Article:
Susan McGrath, a freelance writer based in Seattle, writes about travel, natural history, and the environment, and occasionally makes a foray into sillier subjects. Recent feature articles include a story about the conflicting interests of yellow-eared parrots and the Roman Catholic Church in the Colombian Andes, and another explaining why you should worry about the low-level drizzle of hormone-mimicking synthetic chemicals in everyday products.
Currently a contributing editor to Audubon Magazine, Susan's work has appeared in Audubon, National Geographic, Smithsonian, and other magazines. From 1990 to 1998 her column, The Household Environmentalist, appeared weekly in The Seattle Times and was syndicated in some 80 newspapers across the U.S. Susan has been nominated for three National Magazine Awards and for an American Association for the Advancement of Science science-writing award.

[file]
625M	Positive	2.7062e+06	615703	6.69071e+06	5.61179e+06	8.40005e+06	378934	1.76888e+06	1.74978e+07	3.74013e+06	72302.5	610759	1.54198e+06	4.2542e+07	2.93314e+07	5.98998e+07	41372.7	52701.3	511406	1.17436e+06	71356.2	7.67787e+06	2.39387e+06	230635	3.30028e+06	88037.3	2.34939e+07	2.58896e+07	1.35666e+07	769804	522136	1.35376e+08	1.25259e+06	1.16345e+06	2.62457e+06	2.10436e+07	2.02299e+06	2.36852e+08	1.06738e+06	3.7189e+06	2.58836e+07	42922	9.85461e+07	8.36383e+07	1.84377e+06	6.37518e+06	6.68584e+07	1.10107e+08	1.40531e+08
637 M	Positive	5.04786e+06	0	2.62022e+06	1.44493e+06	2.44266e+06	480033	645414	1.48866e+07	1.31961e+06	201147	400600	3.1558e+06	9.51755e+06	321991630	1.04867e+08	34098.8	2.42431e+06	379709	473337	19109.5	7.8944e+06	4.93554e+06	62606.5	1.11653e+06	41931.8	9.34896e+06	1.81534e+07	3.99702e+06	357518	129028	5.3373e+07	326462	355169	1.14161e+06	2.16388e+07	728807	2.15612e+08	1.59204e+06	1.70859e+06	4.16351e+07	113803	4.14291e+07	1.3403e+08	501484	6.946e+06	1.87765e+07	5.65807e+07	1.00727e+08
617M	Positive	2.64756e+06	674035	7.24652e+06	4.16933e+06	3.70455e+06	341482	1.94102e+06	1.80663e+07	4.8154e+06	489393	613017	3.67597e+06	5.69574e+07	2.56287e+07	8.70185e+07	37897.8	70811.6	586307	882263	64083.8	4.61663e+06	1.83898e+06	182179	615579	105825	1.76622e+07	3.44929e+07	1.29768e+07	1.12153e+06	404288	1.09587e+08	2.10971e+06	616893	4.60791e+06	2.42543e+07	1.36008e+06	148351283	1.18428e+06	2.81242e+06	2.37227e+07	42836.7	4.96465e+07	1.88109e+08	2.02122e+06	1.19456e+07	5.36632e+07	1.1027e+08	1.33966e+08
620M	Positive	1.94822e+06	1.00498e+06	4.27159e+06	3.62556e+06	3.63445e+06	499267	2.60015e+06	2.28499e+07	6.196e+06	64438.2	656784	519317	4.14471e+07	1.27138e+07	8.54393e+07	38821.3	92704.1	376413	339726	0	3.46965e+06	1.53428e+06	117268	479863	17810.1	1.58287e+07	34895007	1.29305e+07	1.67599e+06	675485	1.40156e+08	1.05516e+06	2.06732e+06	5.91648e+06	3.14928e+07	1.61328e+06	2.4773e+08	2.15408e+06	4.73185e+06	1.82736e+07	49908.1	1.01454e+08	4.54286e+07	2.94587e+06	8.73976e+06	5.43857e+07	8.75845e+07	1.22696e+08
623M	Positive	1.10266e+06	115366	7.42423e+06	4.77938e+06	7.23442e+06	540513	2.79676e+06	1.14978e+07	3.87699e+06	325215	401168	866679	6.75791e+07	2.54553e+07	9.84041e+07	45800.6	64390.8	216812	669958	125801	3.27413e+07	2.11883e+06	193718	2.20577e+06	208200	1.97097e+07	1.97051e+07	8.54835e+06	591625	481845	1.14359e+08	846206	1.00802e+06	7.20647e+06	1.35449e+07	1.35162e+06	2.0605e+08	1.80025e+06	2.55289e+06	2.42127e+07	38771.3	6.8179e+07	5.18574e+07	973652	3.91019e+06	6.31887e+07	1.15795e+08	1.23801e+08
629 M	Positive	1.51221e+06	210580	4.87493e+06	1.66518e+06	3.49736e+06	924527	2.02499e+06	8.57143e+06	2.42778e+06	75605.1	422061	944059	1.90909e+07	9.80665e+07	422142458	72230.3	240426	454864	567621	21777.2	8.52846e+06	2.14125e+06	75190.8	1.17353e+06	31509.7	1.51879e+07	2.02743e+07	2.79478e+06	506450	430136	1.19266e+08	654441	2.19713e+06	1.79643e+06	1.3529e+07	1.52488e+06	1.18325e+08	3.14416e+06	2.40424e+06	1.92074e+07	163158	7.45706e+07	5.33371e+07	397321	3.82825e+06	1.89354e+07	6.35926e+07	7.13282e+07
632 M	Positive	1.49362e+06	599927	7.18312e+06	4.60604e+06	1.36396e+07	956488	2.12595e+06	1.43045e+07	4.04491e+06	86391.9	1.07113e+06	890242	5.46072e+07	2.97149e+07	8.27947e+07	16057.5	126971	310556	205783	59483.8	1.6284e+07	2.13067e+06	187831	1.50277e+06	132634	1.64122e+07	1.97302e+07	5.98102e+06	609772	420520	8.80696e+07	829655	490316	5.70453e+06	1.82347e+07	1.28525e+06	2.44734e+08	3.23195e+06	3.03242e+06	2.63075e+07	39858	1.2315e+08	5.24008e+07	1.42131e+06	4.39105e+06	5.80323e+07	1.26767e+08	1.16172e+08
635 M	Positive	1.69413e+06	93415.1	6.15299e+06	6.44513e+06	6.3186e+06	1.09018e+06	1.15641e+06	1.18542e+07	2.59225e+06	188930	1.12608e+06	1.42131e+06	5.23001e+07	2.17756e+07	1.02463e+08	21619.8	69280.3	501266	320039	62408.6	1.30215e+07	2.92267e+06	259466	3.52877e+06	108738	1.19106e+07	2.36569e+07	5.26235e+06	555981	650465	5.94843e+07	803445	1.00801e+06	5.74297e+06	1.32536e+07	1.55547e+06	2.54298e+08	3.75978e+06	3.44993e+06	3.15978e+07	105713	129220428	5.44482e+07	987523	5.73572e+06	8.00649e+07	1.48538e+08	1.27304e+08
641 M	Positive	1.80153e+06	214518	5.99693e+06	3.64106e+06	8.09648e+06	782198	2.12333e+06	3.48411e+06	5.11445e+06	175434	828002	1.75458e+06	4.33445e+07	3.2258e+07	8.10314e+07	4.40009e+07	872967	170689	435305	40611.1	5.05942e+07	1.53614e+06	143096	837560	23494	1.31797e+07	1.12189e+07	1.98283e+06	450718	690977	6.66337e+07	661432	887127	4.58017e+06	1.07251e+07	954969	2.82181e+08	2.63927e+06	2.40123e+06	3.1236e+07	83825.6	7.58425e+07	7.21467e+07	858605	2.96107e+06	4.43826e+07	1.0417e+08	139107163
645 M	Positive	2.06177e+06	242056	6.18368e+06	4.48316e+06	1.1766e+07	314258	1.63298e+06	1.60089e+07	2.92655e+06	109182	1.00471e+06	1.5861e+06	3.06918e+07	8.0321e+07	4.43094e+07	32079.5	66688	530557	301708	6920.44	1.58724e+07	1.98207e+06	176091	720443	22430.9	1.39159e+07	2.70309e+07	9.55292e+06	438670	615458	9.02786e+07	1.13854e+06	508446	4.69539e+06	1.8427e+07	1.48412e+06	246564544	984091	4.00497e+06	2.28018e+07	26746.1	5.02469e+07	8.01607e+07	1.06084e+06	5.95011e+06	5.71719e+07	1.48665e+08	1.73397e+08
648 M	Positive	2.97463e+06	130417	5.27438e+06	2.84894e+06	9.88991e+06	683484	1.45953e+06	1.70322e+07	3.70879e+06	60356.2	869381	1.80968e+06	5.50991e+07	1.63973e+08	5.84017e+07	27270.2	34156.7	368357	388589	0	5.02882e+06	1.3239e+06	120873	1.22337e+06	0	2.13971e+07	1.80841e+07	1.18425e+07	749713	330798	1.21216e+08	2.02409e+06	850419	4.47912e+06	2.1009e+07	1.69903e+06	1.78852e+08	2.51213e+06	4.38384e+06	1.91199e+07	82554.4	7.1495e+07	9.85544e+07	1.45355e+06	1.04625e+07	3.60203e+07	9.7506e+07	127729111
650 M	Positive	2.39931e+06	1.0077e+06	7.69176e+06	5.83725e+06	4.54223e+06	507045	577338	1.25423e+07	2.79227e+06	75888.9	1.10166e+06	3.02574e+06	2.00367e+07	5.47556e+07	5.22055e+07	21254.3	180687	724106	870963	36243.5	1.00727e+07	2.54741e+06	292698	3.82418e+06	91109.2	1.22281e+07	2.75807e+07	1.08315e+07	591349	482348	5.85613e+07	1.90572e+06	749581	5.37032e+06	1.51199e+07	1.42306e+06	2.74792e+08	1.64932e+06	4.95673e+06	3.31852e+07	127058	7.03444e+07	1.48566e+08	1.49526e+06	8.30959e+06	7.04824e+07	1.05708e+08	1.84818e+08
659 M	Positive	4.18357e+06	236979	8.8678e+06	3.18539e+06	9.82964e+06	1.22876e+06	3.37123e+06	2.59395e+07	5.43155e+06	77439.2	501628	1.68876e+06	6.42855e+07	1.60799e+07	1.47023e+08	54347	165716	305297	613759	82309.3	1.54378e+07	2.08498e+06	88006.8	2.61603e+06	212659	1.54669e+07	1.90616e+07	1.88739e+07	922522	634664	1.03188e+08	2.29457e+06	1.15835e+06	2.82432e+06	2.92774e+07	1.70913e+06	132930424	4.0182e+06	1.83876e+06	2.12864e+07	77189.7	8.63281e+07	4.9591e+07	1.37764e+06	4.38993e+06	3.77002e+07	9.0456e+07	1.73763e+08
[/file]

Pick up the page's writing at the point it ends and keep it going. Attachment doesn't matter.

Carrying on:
Born in Tokyo, Susan has also lived in Hong Kong, Brazil, and the U.K. She graduated from high school in Rio de Janeiro and received an undergraduate degree in biology from Bennington College in Vermont. She speaks Portuguese and Spanish, is a certified SCUBA diver, can stay on a horse while taking notes, and can generally be counted on to know which fork to use.